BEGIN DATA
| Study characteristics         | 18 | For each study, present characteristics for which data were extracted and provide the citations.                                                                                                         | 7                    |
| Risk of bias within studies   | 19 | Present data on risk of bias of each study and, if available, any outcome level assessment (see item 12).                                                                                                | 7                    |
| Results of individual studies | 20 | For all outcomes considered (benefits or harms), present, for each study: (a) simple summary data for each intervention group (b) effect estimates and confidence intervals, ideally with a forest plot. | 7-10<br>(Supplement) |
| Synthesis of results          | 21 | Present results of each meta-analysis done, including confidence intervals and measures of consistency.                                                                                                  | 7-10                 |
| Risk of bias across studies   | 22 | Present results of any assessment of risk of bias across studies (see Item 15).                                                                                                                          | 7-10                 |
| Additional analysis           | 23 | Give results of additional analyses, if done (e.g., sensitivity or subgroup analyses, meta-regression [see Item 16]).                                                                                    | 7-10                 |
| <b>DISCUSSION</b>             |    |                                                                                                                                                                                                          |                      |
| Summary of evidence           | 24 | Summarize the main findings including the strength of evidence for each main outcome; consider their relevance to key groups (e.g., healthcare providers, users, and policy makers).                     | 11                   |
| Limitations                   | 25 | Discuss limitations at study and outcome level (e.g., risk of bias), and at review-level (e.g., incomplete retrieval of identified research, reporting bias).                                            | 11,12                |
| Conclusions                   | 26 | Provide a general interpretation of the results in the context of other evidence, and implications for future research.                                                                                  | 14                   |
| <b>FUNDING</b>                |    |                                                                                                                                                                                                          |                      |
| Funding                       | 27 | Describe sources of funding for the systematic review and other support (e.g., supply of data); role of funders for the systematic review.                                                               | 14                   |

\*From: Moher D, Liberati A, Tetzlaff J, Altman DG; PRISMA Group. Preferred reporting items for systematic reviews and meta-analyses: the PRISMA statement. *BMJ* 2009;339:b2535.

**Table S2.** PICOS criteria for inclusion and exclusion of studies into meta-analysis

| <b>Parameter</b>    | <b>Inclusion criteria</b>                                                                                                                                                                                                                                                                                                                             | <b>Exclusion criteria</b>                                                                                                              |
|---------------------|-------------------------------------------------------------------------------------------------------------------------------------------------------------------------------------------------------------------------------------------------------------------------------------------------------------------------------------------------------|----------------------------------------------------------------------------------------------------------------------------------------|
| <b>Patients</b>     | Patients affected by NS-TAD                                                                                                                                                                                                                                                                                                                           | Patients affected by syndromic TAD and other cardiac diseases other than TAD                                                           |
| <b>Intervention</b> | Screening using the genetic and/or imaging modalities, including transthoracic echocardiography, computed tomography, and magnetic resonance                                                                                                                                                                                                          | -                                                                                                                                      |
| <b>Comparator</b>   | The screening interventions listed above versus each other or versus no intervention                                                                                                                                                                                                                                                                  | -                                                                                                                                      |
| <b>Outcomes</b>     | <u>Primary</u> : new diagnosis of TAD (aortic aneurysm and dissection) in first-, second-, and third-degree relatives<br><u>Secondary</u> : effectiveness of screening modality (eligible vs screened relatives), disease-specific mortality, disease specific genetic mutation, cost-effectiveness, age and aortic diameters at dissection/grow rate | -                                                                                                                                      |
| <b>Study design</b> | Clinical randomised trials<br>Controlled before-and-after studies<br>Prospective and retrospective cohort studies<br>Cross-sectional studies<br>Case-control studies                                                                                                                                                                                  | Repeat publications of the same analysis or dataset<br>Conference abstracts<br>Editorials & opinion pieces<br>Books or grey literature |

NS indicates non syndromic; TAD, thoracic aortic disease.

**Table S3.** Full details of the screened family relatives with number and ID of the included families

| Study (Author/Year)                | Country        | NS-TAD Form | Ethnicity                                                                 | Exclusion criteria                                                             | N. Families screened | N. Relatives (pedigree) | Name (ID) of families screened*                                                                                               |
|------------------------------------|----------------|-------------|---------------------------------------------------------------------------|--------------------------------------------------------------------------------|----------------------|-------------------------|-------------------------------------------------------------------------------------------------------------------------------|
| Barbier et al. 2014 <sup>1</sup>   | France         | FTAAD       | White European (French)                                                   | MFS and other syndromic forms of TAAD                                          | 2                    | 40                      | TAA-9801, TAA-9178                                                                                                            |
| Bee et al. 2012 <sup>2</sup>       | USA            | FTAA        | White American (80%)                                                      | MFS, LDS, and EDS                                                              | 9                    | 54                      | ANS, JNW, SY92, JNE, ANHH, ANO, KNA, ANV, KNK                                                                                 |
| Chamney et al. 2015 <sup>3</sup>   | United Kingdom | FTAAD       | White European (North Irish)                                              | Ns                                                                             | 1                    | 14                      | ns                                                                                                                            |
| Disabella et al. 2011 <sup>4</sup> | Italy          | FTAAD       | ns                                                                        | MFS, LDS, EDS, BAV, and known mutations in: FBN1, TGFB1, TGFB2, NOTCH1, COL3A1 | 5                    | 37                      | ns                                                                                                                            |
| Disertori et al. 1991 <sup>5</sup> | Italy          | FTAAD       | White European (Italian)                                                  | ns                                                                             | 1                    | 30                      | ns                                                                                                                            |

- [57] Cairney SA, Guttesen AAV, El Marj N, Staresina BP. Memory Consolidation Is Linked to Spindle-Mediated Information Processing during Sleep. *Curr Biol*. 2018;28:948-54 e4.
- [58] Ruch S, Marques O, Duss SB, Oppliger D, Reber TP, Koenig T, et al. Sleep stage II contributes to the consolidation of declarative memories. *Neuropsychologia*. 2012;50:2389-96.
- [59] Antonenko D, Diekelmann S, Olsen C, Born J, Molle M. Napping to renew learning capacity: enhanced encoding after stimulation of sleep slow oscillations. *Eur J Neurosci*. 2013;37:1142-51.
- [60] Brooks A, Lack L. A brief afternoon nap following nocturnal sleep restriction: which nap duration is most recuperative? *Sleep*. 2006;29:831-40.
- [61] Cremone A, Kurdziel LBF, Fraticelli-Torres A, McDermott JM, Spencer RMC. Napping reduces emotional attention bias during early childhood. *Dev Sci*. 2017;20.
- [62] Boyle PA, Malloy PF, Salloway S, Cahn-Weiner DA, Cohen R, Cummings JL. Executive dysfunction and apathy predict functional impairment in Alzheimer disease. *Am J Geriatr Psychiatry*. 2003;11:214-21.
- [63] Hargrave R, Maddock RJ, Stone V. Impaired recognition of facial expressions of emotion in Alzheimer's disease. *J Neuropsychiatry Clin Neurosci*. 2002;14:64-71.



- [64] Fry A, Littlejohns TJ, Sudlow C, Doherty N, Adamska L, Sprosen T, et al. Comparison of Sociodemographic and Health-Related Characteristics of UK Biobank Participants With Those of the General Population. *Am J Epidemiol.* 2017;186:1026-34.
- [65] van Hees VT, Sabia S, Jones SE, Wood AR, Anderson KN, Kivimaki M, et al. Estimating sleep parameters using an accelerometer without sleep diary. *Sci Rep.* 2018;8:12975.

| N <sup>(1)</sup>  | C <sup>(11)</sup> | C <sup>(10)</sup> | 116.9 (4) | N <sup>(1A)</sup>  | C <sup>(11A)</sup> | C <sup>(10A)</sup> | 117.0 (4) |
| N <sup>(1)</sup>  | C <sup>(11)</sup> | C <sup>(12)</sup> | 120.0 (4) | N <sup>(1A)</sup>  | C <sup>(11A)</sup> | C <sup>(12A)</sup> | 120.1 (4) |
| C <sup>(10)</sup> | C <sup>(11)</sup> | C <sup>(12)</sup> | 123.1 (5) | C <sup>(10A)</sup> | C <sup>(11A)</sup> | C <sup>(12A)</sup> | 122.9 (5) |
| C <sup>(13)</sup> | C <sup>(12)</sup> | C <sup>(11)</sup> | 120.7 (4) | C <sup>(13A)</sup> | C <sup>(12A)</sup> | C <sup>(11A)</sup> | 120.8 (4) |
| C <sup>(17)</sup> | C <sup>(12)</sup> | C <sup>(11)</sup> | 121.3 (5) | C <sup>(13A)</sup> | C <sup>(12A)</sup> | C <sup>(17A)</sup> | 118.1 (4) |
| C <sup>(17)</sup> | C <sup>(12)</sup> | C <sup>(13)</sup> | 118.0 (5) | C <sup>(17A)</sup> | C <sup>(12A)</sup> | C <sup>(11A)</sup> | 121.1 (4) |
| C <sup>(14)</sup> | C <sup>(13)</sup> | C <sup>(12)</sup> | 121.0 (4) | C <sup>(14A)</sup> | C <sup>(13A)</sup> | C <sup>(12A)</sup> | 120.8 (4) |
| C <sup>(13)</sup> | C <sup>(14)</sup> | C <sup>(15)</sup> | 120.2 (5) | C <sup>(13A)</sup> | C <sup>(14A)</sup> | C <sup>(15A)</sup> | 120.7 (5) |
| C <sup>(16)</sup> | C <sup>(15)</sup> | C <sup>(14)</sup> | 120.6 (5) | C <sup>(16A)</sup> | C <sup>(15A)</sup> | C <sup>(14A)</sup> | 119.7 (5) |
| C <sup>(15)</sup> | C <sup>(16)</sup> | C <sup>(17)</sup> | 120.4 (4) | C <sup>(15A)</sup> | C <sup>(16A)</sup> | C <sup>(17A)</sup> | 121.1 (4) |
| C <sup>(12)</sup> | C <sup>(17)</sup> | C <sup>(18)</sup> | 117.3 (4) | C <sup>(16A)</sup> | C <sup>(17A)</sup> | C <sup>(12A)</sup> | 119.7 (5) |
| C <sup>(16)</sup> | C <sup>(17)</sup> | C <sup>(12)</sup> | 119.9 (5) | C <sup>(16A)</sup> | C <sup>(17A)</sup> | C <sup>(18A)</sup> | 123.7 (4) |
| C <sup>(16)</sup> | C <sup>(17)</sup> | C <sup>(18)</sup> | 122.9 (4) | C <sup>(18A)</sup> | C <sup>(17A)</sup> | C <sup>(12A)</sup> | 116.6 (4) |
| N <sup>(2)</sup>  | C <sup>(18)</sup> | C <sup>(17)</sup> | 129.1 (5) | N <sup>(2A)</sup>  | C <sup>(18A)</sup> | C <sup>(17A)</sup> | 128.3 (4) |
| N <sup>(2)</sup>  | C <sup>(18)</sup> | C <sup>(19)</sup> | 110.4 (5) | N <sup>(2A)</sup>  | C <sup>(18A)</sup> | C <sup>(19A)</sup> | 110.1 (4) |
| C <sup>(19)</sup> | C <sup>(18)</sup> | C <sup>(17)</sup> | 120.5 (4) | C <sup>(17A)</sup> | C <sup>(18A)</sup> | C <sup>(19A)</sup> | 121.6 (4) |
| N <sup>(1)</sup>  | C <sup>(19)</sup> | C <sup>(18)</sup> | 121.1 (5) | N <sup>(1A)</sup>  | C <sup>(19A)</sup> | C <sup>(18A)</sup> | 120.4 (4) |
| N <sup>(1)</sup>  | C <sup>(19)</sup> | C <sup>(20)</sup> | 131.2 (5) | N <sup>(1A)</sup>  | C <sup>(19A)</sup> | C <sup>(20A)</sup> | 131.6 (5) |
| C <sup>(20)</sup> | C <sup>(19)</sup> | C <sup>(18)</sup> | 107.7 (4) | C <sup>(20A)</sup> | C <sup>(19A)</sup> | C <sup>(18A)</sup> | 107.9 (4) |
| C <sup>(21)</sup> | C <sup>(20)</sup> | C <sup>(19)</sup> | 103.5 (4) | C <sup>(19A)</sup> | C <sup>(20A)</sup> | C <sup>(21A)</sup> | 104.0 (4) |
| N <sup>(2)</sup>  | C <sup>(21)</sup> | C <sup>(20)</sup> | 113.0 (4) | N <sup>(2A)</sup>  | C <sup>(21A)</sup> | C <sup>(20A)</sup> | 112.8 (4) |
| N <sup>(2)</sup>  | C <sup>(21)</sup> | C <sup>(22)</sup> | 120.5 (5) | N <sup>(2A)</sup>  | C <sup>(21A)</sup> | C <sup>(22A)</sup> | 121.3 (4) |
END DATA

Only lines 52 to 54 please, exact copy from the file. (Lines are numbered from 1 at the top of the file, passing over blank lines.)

| C <sup>(16)</sup> | C <sup>(17)</sup> | C <sup>(18)</sup> | 122.9 (4) | C <sup>(18A)</sup> | C <sup>(17A)</sup> | C <sup>(12A)</sup> | 116.6 (4) |
| N <sup>(2)</sup>  | C <sup>(18)</sup> | C <sup>(17)</sup> | 129.1 (5) | N <sup>(2A)</sup>  | C <sup>(18A)</sup> | C <sup>(17A)</sup> | 128.3 (4) |
| N <sup>(2)</sup>  | C <sup>(18)</sup> | C <sup>(19)</sup> | 110.4 (5) | N <sup>(2A)</sup>  | C <sup>(18A)</sup> | C <sup>(19A)</sup> | 110.1 (4) |